The surprisingly expansive story includes a romance between Fikry and Amelia, and follows Maya to the age of 18 before arriving at a bittersweet denouement. Zevin is a deft writer, clever and witty, and her affection for the book business is obvious. Following the death of her father, who raised her to be intelligent and worldly, writer Beatrice Nash looks forward to tutoring three boys in Latin before she begins her position at school in the fall. Her advocate is the shrewd Agatha Kent, a discreet progressive who's married to John, a senior official in the military.

The childless couple love their grown nephews, Hugh Grange, who is destined to be a doctor, and Daniel Bookham, a handsome poet who hopes to move to Paris and start his own journal with a friend. As a woman, Beatrice doesn't have much clout, nearly losing her job to nepotism and being dismissed by her favorite author, her relatives, and her dad's publishing house. Simonson does a great job crafting the novel's world. It's a large book, and the plot takes its time to get going, but the story becomes engaging after Germany invades Belgium and Rye takes in refugees.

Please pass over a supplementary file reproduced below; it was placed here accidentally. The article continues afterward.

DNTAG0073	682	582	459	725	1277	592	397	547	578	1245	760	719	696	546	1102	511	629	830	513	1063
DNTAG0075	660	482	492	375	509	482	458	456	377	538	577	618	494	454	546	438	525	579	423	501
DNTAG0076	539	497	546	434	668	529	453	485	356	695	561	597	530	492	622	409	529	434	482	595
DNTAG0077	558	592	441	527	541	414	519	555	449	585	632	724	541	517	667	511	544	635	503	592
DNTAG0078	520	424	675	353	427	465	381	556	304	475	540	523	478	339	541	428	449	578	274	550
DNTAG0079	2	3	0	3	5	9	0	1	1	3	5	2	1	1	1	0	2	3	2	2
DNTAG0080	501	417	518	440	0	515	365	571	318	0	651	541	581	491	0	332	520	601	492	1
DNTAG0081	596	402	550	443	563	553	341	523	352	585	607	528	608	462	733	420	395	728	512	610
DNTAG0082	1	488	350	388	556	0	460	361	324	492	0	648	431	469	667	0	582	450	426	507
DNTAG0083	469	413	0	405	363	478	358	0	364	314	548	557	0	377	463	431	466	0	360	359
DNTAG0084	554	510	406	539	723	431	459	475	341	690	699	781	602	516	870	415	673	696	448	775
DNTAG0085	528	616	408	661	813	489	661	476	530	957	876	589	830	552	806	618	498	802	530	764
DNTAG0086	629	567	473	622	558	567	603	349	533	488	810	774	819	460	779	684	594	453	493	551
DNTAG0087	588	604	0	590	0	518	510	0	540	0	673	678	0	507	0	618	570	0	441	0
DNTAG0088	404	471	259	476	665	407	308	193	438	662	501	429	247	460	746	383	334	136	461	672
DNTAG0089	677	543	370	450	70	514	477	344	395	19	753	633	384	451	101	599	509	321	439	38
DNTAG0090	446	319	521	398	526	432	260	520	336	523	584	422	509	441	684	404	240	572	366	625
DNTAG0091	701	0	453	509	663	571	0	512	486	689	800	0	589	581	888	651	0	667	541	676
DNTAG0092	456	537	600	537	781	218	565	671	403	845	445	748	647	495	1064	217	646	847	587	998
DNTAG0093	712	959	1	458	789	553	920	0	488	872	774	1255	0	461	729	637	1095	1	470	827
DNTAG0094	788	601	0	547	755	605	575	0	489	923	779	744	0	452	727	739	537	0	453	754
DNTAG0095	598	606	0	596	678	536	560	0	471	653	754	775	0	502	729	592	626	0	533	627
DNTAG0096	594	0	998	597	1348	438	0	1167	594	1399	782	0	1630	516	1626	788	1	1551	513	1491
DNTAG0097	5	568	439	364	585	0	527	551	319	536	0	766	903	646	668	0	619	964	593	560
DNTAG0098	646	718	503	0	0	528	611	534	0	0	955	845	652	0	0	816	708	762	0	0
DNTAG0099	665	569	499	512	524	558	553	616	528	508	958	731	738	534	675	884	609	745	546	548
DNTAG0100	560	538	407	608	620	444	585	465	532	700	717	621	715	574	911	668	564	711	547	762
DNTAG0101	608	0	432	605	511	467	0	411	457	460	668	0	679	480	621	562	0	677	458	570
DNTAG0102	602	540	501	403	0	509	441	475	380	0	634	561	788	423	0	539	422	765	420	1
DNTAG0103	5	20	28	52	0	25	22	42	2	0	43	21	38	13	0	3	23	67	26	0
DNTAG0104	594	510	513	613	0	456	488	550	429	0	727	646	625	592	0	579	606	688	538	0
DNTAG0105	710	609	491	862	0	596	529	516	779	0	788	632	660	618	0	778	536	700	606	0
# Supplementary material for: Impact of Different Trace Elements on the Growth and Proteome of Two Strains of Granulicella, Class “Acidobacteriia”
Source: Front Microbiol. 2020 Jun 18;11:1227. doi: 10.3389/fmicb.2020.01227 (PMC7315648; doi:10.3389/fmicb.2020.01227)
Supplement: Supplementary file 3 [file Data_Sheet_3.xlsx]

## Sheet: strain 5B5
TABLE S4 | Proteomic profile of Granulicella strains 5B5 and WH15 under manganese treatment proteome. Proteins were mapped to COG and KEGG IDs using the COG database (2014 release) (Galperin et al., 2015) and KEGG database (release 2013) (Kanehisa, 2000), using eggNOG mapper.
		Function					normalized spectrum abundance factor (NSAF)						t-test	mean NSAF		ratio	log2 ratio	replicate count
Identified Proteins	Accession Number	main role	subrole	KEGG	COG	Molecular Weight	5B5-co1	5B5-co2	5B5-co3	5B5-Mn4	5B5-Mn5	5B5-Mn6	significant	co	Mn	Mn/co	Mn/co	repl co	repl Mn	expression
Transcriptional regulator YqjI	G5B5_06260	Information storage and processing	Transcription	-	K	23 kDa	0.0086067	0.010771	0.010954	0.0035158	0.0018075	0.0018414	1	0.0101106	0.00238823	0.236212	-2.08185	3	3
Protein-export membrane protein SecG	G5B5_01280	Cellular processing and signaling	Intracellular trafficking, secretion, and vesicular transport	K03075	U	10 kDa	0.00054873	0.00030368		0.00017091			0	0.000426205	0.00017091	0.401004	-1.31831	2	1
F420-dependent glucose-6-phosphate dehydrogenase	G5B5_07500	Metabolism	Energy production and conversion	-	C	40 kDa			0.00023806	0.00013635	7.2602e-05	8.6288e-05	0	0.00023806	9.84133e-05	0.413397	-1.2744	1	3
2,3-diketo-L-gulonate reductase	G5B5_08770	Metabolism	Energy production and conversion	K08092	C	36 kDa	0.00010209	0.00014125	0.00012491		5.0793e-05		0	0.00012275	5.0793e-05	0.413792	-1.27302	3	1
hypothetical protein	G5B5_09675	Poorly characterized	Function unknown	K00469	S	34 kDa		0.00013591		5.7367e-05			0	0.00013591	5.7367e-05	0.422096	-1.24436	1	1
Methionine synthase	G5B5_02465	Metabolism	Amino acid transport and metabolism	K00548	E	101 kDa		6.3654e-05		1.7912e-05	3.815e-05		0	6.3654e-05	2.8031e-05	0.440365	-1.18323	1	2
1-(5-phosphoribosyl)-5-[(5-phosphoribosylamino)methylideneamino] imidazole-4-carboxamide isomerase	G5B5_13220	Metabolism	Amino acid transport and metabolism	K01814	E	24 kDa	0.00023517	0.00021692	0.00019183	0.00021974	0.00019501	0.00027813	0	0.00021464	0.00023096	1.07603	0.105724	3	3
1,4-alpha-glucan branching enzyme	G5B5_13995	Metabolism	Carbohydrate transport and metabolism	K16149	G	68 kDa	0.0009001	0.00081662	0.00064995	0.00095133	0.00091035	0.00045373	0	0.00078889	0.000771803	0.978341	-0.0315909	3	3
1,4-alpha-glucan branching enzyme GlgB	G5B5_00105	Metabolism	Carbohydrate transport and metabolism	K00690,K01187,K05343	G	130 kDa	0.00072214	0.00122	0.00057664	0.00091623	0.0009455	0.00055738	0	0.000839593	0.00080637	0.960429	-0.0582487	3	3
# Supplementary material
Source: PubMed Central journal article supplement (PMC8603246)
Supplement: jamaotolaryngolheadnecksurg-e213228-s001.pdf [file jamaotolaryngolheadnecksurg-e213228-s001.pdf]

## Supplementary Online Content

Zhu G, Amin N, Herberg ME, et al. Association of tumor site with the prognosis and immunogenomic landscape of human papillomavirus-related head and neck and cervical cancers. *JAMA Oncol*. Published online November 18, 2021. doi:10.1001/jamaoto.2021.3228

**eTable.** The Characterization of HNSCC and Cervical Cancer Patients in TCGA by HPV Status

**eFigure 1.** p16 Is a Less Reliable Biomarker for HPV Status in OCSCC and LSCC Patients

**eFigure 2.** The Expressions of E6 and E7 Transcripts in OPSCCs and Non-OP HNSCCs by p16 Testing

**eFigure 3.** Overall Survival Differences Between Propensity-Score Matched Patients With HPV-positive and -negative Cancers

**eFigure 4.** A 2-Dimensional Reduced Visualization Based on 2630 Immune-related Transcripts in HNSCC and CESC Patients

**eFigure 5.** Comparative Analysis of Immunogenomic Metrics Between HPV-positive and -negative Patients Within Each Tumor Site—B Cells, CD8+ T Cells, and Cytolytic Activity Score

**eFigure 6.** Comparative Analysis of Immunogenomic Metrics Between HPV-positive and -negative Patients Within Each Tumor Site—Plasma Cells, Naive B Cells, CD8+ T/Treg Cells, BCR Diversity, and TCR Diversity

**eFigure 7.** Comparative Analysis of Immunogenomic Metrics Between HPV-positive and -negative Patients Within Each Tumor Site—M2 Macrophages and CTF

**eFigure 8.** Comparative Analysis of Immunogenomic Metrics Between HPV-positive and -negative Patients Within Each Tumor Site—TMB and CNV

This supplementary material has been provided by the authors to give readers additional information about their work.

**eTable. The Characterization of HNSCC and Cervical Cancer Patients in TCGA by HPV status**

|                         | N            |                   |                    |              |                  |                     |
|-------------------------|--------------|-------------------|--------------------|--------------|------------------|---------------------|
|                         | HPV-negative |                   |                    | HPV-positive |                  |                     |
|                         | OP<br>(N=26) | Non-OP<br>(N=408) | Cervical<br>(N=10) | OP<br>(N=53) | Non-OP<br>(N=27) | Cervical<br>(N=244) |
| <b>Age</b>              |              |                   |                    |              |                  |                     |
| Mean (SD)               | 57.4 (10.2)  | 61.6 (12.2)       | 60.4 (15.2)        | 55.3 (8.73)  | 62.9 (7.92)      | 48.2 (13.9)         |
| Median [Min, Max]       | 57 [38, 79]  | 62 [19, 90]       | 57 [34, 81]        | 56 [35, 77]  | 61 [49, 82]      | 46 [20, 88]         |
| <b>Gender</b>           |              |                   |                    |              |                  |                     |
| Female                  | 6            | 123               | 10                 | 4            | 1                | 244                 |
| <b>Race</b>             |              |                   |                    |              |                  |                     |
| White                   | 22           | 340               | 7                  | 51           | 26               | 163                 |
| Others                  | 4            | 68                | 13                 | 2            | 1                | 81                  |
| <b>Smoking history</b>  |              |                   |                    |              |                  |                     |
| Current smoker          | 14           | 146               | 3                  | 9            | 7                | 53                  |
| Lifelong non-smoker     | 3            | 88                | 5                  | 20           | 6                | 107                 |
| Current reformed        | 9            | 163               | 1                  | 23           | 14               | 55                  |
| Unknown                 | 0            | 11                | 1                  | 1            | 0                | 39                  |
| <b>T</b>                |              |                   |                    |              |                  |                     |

Simonson's writing is restrained but effective, especially when making quiet revelations.


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  6. A heartbreaking but satisfying ending seems fitting for a story about the social constructs that unfairly limit people and their potential. Flavia, an year-old with a chemistry lab, finds a corpse in a cucumber patch and applies the detective skills she learned plotting against her older sisters. The beloved American classic about a young girl's coming-of-age at the turn of the century, Betty Smith's A Tree Grows in Brooklyn is a poignant and moving tale filled with compassion and cruelty, laughter and heartache, crowded with life and people and incident.